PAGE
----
All credit to Naxos for recording at bargain price a new work and one which
is tuneful, with some lasting fibre and instantly accessible.
Robert Lambs music is not desperately original in its style and accents.
The language has elements of Walton, Tippett and perhaps Peter Maxwell Davies.
To my shame I had never heard of Lamb before this recording was issued. He
was born in Cork in 1931 and is a well-known trombonist in Eire and in the
UK, especially in the jazz world. By the way there are no obvious jazz influences
in the Lamb work.
The whole genre of melodrama I find extremely attractive. There is something
potent about clearly spoken words over a rich orchestral canvas. I am a great
admirer of Blisss Morning Heroes, RVWs Oxford Elegy, Fibichs
Hippodamia trilogy, Coplands Lincoln Portrait and a number of other
works of this type.
This is not the first time the tragic Lir legend has attracted composers.
Hamilton Hartys 1940 tone poem with vocalising soprano (Heather Harper)
exists for everyone to discover on Chandos - a bejewelled work which suffers
only by comparison with its coupling, the ineffable Harty setting of Ode
to a Nightingale. More recently the David Cassidy setting complete with
a male narrator, full orchestra and gigantic chorus was broadcast on TV.
This used a strange mix of massive Handelian-style choruses given a suitable
Eireannachd edge by the now ubiquitous uillean pipes (trendy since River
Dance and the markedly superior Granuaile!). This too is very effective but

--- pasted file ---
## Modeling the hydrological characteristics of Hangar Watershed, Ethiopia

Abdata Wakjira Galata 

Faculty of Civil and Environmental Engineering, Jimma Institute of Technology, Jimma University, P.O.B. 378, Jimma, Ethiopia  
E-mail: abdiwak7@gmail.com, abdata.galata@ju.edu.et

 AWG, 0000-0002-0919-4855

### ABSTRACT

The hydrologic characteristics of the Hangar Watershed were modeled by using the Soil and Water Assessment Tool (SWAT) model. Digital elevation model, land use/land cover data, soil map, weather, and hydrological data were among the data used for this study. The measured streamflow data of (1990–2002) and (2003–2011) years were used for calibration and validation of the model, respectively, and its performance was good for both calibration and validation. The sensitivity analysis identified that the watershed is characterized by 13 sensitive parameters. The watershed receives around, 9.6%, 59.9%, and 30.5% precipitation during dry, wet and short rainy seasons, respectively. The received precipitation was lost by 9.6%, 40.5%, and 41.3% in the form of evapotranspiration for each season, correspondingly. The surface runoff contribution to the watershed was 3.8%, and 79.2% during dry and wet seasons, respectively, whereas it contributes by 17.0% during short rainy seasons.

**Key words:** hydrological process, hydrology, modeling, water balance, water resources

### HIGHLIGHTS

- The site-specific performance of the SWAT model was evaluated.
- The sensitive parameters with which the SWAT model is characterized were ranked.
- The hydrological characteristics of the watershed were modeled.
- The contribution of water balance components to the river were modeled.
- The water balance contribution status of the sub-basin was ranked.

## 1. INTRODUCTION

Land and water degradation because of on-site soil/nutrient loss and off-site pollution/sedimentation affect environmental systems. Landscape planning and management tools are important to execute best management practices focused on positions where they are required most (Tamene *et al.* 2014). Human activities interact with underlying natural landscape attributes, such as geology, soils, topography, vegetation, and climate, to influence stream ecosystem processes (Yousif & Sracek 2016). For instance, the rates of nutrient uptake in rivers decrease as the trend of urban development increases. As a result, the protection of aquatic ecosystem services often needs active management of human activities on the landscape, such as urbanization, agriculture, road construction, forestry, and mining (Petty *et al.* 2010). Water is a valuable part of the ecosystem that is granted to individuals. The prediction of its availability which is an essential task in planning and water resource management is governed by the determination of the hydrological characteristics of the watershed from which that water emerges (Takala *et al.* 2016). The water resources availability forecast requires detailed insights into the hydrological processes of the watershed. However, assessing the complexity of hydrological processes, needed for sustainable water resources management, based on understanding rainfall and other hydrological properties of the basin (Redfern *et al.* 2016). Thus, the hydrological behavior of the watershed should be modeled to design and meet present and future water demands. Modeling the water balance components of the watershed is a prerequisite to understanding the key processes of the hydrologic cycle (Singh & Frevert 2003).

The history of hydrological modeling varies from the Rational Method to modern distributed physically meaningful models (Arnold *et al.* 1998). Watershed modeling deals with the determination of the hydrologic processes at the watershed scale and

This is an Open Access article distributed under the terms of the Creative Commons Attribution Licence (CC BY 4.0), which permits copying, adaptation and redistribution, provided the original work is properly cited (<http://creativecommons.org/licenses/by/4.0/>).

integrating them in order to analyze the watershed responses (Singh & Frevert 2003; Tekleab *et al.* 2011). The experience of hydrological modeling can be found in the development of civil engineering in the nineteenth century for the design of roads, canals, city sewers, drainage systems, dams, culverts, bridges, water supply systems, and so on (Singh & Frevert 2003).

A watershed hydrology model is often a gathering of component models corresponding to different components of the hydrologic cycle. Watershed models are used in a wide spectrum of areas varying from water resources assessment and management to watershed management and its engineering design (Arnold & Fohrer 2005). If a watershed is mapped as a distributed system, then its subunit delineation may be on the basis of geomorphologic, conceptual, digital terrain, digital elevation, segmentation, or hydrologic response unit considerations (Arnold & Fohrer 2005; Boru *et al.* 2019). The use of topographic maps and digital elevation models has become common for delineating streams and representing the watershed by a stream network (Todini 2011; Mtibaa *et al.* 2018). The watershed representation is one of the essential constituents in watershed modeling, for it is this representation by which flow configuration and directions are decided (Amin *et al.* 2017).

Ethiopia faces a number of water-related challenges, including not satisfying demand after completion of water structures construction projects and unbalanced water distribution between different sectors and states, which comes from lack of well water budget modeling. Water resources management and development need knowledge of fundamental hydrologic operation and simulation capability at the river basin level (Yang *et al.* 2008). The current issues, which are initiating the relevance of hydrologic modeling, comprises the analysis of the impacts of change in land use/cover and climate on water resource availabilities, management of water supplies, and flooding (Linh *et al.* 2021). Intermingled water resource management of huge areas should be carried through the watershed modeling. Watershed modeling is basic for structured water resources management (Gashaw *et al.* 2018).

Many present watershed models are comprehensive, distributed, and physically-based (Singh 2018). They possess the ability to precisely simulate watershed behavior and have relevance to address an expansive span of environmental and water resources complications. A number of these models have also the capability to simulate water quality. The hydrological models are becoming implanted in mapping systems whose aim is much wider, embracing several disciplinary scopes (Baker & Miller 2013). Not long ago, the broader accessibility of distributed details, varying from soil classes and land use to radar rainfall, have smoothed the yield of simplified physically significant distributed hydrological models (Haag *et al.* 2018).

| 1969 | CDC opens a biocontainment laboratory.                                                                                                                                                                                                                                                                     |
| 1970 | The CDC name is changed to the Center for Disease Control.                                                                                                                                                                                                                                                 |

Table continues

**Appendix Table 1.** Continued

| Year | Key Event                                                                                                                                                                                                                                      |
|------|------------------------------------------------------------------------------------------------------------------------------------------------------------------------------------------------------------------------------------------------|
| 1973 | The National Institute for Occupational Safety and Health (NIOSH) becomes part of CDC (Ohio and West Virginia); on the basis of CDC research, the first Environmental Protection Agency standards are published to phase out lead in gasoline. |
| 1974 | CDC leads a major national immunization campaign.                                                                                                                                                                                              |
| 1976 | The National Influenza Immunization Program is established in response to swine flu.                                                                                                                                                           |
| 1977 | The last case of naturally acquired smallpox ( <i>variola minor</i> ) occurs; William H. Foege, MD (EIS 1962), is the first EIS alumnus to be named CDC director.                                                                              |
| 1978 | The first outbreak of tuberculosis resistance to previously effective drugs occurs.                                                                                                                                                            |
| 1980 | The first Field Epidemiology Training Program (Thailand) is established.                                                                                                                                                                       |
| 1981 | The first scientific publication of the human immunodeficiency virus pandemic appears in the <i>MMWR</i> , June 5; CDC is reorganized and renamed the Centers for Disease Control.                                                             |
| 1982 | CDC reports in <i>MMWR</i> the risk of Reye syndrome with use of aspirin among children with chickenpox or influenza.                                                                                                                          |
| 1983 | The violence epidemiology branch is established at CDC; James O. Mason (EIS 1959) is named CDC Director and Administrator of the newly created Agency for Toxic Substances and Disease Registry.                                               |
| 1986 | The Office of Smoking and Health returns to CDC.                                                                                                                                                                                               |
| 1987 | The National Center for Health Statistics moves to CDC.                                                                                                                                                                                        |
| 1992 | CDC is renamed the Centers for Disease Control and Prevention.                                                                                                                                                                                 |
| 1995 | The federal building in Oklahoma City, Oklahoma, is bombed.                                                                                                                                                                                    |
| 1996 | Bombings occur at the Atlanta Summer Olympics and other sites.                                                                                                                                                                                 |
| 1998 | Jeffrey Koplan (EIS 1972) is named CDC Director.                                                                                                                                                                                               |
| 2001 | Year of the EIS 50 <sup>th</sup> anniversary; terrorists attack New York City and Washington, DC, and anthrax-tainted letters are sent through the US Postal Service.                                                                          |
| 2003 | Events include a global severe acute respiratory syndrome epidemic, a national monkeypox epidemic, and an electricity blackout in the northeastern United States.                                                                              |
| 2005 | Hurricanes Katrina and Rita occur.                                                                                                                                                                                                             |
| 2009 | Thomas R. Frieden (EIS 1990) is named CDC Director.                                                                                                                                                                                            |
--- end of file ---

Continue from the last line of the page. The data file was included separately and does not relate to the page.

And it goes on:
so different from the much more impressionist twentieth century score of
The story recounts how King Lir has four children (three boys and a girl)
by Eva. When Eva dies Lir is persuaded by his father in law to marry Eves
sister Eva. Eva uses her great beauty and sensuality to win the Kings
heart. For a while they are contentedly happy. Then jealousy enters Evas
heart. She sees the three children as an obstacle between herself and Lir
and using her magic powers turns them into swans for 900 years. Lir is revenged
on Eva. After many trials the swan children are transformed back to humanity
as Christianity comes to Ireland but, now 900 years old, they are hideously
withered and quickly die after they are baptised.
The score is touching and almost filmic in its vivid portrayal of incident
and emotion. The great swelling melody which accompanies Evas sensual
dance rises ecstatically to a great climax and Lir is then completely enthralled
by Eva. A great part of the magic of this large-scale score is down to Fiona
Shaws impassioned performance. Often quiet, she has great reserves
of communicable emotion and these are used to grand histrionic effect. Not
for Ms Shaw great howling and shouting; her whispers can be just as devastating.
She gives a very fine performance. I rather hope that she was with the orchestra
when the recording was made rather than dubbing her voice onto a pre-recorded
track. Whatever the process the end-result is extremely affecting. Not
earth-shattering music-making but certainly a work with a high mountain range
of emotion. A satisfying companion for a long car journey.
HELP! Years ago I recall seeing an LP of someones setting of the Lir
Legend. It was some time in the 1960s. Does anyone remember the LP or can
anyone tell me who the composer was. I always wished I had bought that secondhand
LP just for curiosity. This was definitely not the Harty work.